Understanding Search Warrants

Understanding Search Warrants

One of the fundamental rights of those living in Alabama, or anywhere in the United States, is that of private property. Nobody has the right to search through your property without your permission. Even the police are generally prohibited from this type of action unless they get a search warrant first. Understanding what a search warrant is and when they are required will help you protect your legal rights when engaging with the police.

 What Is a Search Warrant?

A search warrant is a legal document that is signed, typically by a judge, granting law enforcement officers the right to search someone’s person or property without their consent. The judge who signs this warrant is supposed to be a neutral third party who looks at the facts and evidence of the situation, and only signs the warrant if there is just cause. When the police ask the judge for a search warrant, they will need to include information such as:


  • Description of the Location – A description of the location to be searched is required. If it is a home or apartment, the address will usually be sufficient. If it is a vehicle, the license plate number, VIN, or physical description is enough.
  • Timeline – Determining when the search warrant will be executed is important. In general, police will have about two weeks to use the warrant, though typically they execute the warrant much more quickly.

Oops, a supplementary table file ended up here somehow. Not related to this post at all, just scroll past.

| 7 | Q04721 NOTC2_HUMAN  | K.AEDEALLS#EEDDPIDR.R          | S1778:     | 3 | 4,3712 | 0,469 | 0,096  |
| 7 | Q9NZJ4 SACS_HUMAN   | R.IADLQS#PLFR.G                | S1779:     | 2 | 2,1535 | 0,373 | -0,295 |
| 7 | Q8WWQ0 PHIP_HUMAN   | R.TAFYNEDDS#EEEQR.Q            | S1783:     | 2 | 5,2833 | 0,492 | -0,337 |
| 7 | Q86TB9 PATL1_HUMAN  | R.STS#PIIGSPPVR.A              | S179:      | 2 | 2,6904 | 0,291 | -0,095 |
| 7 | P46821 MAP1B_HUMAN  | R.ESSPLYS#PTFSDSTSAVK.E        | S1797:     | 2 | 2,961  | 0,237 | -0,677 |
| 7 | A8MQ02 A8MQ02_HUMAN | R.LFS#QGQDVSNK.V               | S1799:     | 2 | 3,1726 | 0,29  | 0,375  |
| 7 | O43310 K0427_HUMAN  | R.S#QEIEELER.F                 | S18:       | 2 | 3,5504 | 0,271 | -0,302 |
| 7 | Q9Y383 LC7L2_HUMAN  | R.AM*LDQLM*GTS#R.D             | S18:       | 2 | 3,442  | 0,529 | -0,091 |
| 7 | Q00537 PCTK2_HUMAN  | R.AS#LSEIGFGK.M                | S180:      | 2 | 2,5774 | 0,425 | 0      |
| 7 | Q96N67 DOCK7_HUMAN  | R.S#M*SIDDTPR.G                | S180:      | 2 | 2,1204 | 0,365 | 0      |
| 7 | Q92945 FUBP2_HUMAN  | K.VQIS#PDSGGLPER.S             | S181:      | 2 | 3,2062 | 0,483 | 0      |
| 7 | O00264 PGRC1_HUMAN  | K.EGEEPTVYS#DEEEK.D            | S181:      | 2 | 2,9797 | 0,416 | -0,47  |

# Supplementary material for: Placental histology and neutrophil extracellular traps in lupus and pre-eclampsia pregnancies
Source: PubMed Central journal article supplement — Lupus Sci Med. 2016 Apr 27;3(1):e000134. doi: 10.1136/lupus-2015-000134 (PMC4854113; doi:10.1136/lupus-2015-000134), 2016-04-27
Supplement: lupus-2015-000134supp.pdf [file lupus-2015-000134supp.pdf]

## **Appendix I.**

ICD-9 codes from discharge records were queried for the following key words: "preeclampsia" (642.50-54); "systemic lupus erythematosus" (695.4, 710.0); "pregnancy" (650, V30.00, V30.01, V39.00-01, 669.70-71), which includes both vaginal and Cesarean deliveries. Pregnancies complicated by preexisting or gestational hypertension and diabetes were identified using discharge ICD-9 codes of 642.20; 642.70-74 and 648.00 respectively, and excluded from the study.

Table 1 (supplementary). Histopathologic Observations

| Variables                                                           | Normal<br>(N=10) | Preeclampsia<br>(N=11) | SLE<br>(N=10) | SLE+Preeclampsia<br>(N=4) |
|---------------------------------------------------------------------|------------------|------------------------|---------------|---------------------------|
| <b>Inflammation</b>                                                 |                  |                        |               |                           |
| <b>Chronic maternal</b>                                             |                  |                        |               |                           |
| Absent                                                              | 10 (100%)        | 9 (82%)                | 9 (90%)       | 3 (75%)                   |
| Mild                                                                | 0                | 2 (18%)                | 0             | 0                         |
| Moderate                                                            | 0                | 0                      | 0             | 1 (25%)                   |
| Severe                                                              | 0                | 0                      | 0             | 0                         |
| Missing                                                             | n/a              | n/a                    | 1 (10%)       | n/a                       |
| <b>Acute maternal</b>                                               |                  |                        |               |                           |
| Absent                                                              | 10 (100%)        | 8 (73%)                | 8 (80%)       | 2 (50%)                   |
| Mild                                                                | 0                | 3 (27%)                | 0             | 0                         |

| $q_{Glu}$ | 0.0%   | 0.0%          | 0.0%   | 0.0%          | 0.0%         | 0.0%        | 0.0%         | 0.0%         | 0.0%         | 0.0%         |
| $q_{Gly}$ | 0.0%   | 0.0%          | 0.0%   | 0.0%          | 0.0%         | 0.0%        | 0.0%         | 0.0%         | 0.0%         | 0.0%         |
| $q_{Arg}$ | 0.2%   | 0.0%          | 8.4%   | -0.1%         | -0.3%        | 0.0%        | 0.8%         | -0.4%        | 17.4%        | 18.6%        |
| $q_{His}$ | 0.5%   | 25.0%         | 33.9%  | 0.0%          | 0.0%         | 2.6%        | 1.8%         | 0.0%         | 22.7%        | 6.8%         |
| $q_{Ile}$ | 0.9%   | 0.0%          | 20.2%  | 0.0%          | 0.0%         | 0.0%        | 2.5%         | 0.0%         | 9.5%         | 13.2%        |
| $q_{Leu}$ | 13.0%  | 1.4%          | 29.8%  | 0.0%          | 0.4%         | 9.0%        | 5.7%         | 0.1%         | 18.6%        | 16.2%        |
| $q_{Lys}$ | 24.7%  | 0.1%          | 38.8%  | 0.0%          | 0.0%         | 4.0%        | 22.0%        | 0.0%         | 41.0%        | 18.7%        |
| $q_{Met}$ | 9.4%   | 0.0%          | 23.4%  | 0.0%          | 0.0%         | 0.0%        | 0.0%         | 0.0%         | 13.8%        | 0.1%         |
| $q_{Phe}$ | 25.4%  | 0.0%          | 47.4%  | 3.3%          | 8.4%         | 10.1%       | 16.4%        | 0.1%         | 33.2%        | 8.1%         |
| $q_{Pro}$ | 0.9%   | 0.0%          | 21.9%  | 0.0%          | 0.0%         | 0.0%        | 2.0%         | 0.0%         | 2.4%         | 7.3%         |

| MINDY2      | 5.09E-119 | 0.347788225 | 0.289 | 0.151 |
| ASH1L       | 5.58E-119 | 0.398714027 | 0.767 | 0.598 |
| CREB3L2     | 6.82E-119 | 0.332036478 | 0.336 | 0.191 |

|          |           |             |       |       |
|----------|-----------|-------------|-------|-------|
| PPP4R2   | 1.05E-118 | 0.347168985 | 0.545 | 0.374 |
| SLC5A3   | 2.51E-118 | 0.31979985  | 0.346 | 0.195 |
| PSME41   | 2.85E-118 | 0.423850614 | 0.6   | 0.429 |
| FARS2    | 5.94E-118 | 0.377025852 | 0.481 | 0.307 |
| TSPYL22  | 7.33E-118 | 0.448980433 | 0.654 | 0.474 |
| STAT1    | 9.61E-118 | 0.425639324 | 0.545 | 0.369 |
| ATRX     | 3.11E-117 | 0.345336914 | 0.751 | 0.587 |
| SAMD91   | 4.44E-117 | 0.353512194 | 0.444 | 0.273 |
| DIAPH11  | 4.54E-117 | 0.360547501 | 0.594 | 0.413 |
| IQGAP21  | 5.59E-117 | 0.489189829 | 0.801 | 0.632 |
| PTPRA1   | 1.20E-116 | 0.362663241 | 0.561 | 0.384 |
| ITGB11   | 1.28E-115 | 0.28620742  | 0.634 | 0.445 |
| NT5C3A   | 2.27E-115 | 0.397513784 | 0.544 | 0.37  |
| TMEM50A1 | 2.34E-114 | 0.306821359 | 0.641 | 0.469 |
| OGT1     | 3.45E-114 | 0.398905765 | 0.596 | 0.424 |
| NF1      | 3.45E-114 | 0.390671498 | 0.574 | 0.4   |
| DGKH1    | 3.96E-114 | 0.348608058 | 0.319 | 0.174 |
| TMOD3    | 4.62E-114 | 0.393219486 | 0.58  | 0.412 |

• Facts Establishing Probable Cause – The law enforcement officers need to give the judge the facts that establish probable cause for searching the property. This can include testimonies of witnesses, physical evidence, and more.
  • Scope of the Warrant – This will identify what it is the police will be looking for when executing a search warrant. It could be a weapon, drugs, documents, or anything else needed in an investigation.


Executing a Search Warrant

Once the judge signs a search warrant, the police will have to execute it. This means they will take the warrant to the location identified and perform the necessary search. The owner of the property will be presented with the warrant showing that the police have the legal right to search the property.

 One point that many people aren’t aware of when it comes to executing search warrants is that the police are restricted to searching for what the warrant identifies. For example, if the police are searching for a large stolen sculpture, they can’t search in a desk drawer where it clearly would not fit. If the police do search places that go beyond the scope of the warrant, anything they find will likely be thrown out as evidence in a trial.

 Contact an Attorney Right Away

If the police have searched your property (with or without a warrant) it is important to contact an attorney right away. We can go through exactly what happened to help identify any instances where they have violated your legal rights. This will also provide an opportunity to begin preparing a strong defense against whatever charges have, or may be, filed against you. Contact the Law Offices of John M. Totten to get started now.

John M. Totten